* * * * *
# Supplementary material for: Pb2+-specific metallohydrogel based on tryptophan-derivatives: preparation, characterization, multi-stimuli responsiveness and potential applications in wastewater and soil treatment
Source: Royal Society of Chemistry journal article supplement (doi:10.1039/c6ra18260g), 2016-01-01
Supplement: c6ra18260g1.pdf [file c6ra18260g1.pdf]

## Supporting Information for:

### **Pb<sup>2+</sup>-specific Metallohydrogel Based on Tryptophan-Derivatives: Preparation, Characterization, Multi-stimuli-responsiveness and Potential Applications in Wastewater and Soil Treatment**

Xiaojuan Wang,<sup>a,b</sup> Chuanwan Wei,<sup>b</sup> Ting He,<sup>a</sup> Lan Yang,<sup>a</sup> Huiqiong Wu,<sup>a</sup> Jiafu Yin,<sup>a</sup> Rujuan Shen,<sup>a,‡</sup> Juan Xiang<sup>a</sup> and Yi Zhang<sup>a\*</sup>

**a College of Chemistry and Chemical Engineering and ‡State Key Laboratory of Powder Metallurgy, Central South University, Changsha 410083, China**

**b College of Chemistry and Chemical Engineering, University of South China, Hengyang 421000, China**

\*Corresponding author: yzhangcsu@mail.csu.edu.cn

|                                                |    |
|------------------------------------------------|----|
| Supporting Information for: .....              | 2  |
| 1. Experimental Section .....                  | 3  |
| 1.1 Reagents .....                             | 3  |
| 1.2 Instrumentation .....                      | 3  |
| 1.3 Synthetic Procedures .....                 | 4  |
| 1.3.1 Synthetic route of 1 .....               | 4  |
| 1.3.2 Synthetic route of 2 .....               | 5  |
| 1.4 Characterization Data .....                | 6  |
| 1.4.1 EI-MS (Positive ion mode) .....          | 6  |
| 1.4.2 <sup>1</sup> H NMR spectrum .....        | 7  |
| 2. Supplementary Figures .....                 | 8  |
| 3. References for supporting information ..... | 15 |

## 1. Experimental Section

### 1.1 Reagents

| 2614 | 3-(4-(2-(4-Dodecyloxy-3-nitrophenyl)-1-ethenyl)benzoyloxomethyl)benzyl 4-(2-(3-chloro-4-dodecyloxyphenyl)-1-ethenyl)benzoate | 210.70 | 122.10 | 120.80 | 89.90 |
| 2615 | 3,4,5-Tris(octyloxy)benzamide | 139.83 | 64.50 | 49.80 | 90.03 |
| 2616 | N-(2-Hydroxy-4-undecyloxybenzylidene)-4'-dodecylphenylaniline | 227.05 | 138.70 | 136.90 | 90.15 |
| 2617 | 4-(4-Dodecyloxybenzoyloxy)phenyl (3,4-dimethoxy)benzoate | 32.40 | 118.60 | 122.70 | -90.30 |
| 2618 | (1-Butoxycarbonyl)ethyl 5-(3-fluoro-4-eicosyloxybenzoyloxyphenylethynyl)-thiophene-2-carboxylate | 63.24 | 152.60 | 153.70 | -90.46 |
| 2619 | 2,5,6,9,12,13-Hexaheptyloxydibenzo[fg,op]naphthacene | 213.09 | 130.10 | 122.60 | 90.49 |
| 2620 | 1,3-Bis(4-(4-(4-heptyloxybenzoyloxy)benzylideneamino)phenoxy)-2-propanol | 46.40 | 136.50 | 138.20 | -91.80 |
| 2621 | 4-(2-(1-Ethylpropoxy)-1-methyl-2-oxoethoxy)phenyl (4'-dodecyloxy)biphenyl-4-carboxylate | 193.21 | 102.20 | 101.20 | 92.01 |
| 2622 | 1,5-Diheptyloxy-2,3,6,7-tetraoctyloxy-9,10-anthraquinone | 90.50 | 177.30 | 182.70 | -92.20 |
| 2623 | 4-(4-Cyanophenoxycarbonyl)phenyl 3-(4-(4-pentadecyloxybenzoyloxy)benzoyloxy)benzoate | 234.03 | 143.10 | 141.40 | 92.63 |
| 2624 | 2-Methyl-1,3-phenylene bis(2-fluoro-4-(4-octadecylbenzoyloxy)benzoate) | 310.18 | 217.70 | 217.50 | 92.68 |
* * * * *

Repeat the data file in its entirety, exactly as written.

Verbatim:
# Supplementary material for: Pb2+-specific metallohydrogel based on tryptophan-derivatives: preparation, characterization, multi-stimuli responsiveness and potential applications in wastewater and soil treatment
Source: Royal Society of Chemistry journal article supplement (doi:10.1039/c6ra18260g), 2016-01-01
Supplement: c6ra18260g1.pdf [file c6ra18260g1.pdf]

## Supporting Information for:

### **Pb<sup>2+</sup>-specific Metallohydrogel Based on Tryptophan-Derivatives: Preparation, Characterization, Multi-stimuli-responsiveness and Potential Applications in Wastewater and Soil Treatment**

Xiaojuan Wang,<sup>a,b</sup> Chuanwan Wei,<sup>b</sup> Ting He,<sup>a</sup> Lan Yang,<sup>a</sup> Huiqiong Wu,<sup>a</sup> Jiafu Yin,<sup>a</sup> Rujuan Shen,<sup>a,‡</sup> Juan Xiang<sup>a</sup> and Yi Zhang<sup>a\*</sup>

**a College of Chemistry and Chemical Engineering and ‡State Key Laboratory of Powder Metallurgy, Central South University, Changsha 410083, China**

**b College of Chemistry and Chemical Engineering, University of South China, Hengyang 421000, China**

\*Corresponding author: yzhangcsu@mail.csu.edu.cn

|                                                |    |
|------------------------------------------------|----|
| Supporting Information for: .....              | 2  |
| 1. Experimental Section .....                  | 3  |
| 1.1 Reagents .....                             | 3  |
| 1.2 Instrumentation .....                      | 3  |
| 1.3 Synthetic Procedures .....                 | 4  |
| 1.3.1 Synthetic route of 1 .....               | 4  |
| 1.3.2 Synthetic route of 2 .....               | 5  |
| 1.4 Characterization Data .....                | 6  |
| 1.4.1 EI-MS (Positive ion mode) .....          | 6  |
| 1.4.2 <sup>1</sup> H NMR spectrum .....        | 7  |
| 2. Supplementary Figures .....                 | 8  |
| 3. References for supporting information ..... | 15 |

## 1. Experimental Section

### 1.1 Reagents

| 2614 | 3-(4-(2-(4-Dodecyloxy-3-nitrophenyl)-1-ethenyl)benzoyloxomethyl)benzyl 4-(2-(3-chloro-4-dodecyloxyphenyl)-1-ethenyl)benzoate | 210.70 | 122.10 | 120.80 | 89.90 |
| 2615 | 3,4,5-Tris(octyloxy)benzamide | 139.83 | 64.50 | 49.80 | 90.03 |
| 2616 | N-(2-Hydroxy-4-undecyloxybenzylidene)-4'-dodecylphenylaniline | 227.05 | 138.70 | 136.90 | 90.15 |
| 2617 | 4-(4-Dodecyloxybenzoyloxy)phenyl (3,4-dimethoxy)benzoate | 32.40 | 118.60 | 122.70 | -90.30 |
| 2618 | (1-Butoxycarbonyl)ethyl 5-(3-fluoro-4-eicosyloxybenzoyloxyphenylethynyl)-thiophene-2-carboxylate | 63.24 | 152.60 | 153.70 | -90.46 |
| 2619 | 2,5,6,9,12,13-Hexaheptyloxydibenzo[fg,op]naphthacene | 213.09 | 130.10 | 122.60 | 90.49 |
| 2620 | 1,3-Bis(4-(4-(4-heptyloxybenzoyloxy)benzylideneamino)phenoxy)-2-propanol | 46.40 | 136.50 | 138.20 | -91.80 |
| 2621 | 4-(2-(1-Ethylpropoxy)-1-methyl-2-oxoethoxy)phenyl (4'-dodecyloxy)biphenyl-4-carboxylate | 193.21 | 102.20 | 101.20 | 92.01 |
| 2622 | 1,5-Diheptyloxy-2,3,6,7-tetraoctyloxy-9,10-anthraquinone | 90.50 | 177.30 | 182.70 | -92.20 |
| 2623 | 4-(4-Cyanophenoxycarbonyl)phenyl 3-(4-(4-pentadecyloxybenzoyloxy)benzoyloxy)benzoate | 234.03 | 143.10 | 141.40 | 92.63 |
| 2624 | 2-Methyl-1,3-phenylene bis(2-fluoro-4-(4-octadecylbenzoyloxy)benzoate) | 310.18 | 217.70 | 217.50 | 92.68 |